E Pluribus Unum

2016-07-sketch-of-great-sealLinda Burton posting from Arkadelphia, Arkansas – Got a US Passport? Look at the front of it. Got a one-dollar bill? Look at the back of it. Fish a dime out of your change bowl and look on the backside of that too. Look for this Latin phrase: E Pluribus Unum. Sometimes you’ll find the words embedded in the banner of the Great Seal, sometimes, due to available space I suppose, just printed straight across or curved around the edges. Do you know the meaning of these words? And how this phrase came to be an everyday, ordinary part of the American scene? First, let’s translate: E Pluribus Unum, in English form, means “out of many, one.” When Ben Franklin and Thomas Jefferson and John Adams got together back in 1776 to create an official seal for a brand-new country, they settled on the obvious basics for the design: different people from different places, now together. Their initial sketch had a shield in the middle, composed of many smaller shields; look closely to see six symbols – a rose (England), thistle (Scotland), harp (Ireland), fleur-de-lis (France), lion (Holland), and eagle (Germany), which they described as “the countries from which these states have been peopled.” Now look around the edges of the shield to see the initials of the “thirteen independent states of America.”

2016-08-sealThey submitted their idea to Congress on August 20, 1776, but it was not approved; in true group-think fashion it took several more committees before a final design was approved in
1782, one with the now-familiar American eagle in the center; the eagle carries a banner in its beak bearing that original phrase, E Pluribus Unum. You’ll notice a lot of thirteens on the seal – 13 stars, 13 stripes, 13 arrows in the eagle’s talon. And did you catch – there are 13 letters in E Pluribus Unum! I doubt Ben and Thom and John were thinking about that when they suggested the phrase; it seems to have been a recurring theme from the time of classic writers and organized systems of government. Some claim Virgil used it; some say St Augustine; perhaps it was Cicero? Marcus Tullius Cicero (106-43 BC) was a Roman philosopher, lawyer, and theorist, active in politics; during his last year he was trying to stop revolutionary forces from taking control of the Roman Republic; that’s when he wrote De Officiis, in which he tried to define the ideals of public behavior. “When each person loves the other as much as himself, it makes one out of many.” Ah, politics, and public behavior. Fast forward to July 2016, and the cities of Cleveland and Philadelphia. Two conventions, back to back in the heat of July; much dissension and disagreement; tension and strife, broadcast for public view. I heard a newscaster quip: “I see the pluribus, now where is the unum?”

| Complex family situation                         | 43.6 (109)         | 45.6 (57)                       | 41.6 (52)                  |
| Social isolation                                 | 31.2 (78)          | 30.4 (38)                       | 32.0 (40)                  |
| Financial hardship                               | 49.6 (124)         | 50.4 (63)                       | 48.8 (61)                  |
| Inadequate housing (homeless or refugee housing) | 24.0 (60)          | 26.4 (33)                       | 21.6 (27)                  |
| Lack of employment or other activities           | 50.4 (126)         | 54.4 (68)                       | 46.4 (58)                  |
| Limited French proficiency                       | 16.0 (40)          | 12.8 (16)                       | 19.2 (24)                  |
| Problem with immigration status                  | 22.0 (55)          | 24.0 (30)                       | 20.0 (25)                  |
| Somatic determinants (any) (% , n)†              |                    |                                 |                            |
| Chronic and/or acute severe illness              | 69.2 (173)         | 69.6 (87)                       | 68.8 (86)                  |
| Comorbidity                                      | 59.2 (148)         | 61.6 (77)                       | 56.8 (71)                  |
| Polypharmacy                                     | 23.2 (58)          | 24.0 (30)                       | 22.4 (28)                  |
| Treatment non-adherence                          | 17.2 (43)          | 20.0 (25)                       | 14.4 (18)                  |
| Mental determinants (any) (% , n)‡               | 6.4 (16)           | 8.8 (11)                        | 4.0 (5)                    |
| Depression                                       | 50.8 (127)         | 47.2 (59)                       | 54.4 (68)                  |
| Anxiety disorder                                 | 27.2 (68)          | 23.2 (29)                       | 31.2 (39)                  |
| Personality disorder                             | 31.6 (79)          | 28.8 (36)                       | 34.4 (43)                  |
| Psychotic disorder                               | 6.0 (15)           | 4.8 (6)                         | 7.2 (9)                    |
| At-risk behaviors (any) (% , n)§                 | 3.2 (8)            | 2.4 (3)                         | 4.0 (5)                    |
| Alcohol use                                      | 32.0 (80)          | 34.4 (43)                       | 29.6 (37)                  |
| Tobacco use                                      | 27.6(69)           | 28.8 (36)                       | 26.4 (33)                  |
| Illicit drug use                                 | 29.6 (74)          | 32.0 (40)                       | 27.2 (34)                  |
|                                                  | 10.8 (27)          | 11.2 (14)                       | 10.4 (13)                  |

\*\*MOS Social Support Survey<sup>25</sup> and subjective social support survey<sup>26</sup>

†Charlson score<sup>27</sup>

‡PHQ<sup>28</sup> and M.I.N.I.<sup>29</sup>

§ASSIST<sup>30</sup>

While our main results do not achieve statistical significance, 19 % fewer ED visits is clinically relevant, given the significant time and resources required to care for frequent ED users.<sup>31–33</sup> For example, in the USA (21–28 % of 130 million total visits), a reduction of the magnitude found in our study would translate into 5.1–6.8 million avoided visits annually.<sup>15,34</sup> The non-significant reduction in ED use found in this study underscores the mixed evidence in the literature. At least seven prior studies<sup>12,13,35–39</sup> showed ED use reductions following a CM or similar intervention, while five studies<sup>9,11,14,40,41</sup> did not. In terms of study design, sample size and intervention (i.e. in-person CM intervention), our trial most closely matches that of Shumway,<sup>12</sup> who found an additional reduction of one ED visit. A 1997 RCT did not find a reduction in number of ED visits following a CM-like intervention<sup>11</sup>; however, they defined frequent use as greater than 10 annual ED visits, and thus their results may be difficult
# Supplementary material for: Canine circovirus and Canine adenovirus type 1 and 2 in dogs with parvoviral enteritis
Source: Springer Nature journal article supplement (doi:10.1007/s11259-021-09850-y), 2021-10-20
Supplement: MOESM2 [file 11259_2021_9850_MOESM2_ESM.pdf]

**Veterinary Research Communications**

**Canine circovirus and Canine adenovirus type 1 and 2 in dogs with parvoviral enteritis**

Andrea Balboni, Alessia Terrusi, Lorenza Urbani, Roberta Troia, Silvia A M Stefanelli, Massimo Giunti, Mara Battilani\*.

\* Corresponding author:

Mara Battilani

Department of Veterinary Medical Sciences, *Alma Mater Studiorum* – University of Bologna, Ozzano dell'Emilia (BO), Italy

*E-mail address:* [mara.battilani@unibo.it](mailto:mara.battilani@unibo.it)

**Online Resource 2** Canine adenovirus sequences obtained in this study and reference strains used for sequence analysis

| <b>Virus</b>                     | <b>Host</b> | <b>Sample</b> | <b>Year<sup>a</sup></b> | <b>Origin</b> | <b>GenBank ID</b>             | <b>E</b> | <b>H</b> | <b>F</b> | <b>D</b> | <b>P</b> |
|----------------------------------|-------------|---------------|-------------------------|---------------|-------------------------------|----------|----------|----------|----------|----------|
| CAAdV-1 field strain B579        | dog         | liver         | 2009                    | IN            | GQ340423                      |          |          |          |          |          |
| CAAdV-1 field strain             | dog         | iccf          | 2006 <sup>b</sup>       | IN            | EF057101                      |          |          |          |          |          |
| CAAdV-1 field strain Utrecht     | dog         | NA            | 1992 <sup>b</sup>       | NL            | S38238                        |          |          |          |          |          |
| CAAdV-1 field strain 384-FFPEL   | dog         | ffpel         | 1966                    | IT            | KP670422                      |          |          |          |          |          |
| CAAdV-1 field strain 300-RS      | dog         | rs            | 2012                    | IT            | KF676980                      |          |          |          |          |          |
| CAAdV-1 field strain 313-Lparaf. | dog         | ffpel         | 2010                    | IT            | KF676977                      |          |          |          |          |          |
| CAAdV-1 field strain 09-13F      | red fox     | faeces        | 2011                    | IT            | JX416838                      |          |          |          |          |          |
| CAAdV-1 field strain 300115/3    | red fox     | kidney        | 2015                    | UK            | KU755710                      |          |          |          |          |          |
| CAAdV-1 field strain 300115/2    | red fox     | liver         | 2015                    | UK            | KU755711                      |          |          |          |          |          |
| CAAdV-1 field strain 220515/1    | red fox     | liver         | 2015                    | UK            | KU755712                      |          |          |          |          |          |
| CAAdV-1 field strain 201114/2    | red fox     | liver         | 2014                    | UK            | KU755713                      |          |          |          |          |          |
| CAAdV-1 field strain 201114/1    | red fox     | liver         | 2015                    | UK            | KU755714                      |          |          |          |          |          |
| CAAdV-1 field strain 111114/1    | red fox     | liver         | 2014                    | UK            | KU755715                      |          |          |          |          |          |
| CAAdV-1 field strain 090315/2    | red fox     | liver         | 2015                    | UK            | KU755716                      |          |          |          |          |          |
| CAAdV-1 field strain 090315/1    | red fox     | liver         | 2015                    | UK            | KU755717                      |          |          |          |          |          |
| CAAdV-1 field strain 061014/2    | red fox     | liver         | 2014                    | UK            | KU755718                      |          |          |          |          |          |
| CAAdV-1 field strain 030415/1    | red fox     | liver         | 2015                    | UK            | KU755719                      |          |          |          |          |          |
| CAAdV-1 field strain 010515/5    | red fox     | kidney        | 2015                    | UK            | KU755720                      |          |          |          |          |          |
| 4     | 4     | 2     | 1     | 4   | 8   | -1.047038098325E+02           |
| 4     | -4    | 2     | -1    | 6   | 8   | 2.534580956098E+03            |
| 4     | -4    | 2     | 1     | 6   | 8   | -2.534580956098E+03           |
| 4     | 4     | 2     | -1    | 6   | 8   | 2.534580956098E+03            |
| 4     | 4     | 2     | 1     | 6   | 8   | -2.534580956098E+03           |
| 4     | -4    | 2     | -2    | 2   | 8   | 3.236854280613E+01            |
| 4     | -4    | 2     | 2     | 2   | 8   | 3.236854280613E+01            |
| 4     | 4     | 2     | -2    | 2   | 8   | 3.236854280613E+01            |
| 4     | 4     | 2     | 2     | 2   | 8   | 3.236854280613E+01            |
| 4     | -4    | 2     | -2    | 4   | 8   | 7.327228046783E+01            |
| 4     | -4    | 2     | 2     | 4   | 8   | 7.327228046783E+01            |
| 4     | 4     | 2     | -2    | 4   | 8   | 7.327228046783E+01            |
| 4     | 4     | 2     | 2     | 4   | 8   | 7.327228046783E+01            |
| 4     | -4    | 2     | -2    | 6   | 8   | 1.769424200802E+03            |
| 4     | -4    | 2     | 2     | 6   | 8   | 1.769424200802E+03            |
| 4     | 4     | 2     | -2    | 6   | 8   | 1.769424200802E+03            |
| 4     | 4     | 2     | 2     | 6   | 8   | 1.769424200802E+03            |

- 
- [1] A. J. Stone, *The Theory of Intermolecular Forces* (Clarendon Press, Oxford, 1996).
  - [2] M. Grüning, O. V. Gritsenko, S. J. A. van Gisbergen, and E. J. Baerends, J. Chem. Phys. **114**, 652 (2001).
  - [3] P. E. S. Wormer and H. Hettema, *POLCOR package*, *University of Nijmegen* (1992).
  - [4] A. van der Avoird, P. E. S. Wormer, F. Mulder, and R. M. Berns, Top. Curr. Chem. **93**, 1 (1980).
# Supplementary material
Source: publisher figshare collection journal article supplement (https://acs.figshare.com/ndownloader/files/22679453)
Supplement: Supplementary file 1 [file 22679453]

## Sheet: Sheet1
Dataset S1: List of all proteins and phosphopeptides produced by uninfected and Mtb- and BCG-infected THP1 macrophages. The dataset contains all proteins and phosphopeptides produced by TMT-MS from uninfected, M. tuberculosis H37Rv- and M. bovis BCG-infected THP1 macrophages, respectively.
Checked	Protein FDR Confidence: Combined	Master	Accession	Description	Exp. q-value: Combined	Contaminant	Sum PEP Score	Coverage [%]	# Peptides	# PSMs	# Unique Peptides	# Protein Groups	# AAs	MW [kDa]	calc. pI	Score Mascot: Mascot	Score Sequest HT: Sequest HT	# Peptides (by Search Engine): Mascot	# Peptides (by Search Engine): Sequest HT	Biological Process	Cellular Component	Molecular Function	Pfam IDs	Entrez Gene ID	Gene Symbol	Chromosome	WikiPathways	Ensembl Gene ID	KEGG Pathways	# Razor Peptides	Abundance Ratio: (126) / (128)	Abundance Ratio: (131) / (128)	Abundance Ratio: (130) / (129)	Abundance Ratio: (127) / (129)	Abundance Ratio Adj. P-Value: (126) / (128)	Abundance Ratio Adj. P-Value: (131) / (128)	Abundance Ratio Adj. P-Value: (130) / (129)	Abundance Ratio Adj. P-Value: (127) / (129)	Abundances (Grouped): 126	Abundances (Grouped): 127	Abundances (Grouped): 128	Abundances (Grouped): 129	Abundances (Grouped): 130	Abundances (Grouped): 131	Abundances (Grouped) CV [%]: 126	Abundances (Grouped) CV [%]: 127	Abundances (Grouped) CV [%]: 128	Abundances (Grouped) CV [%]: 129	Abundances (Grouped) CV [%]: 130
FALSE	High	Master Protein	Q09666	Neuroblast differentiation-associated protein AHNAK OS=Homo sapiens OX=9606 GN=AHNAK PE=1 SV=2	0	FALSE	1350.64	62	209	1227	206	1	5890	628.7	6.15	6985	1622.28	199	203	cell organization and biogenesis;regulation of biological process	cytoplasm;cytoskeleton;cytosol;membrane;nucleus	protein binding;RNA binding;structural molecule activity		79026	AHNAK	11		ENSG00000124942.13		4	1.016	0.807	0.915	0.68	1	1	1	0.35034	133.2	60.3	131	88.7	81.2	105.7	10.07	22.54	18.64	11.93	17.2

Amidst all the clamor and posturing and verbal elbowing, where do our standards rest today?  Are things really as bad as they were portrayed during those two weeks? I did a little fact-checking about the state of the states, as recorded by the US Census Bureau. http://www.census.gov/quickfacts/

As of 2015, the US population was 321,418,820; racially that breaks down to 61.6% White, 17.6% Latino or Hispanic, 13.8% African-American, 5.6% Asian, and 1.4% Native. The median household income is $53,482 and 14.8% of the population live in poverty. That’s one way of describing the pluribus, but falls far short of revealing the heartset. Pollsters ask questions and post percentages; rally-planners tape signs up and give out hats and bunch the crowd for media show; interviewers frequent coffee shops and barbecues asking the questions: What is most important to you in a leader? What is your vision for our country? Do you fear for your safety? How about your job?

I think about the people I met on the Journey, fifty states-worth of living alongside them and learning about their lives; I didn’t see much anger, I did see some apathy, but mostly I saw pride; folks taking care of their community and living contentedly in their section of the bigger picture; I saw unum. Remember that post I wrote from Indianapolis? “It’s not what you’ve got that matters, it’s how much you love what you’ve got.” http://capitalcitiesusa.org/?p=9104  Imagine the excitement in the room as Ben and Thom and John were pondering the possibilities of a completely NEW country. So many people from so many places, now united as one! And Topsy grew and grew and grew. Now the US population represents far more countries than those six they drew on that shield; now there are more races, religions, languages and ancestries than they could have dreamed.

So how do we make it work? Take care of the things you love. Vote for what you believe in. Be proud of where you came from and where you are. Think positive. Do your part. Avoid unacceptable behavior on the playground! Get along, without giving up your ideals. And every now and then, pull a dollar bill out of your pocket and read the banner in the eagle’s beak. E Pluribus Unum. Then remember, to paraphrase dear Mr Cicero a bit, “When each person respects the other as much as himself, we can accomplish many things together, as one.”

Did you know?

E Pluribus Unum has appeared on coins since 1795.

E Pluribus Unum has graced the back of $1 notes since 1935.

E Pluribus Unum is on the seal of the President, the Vice President, the United States Congress, the United States Supreme Court, and every branch of the United States military.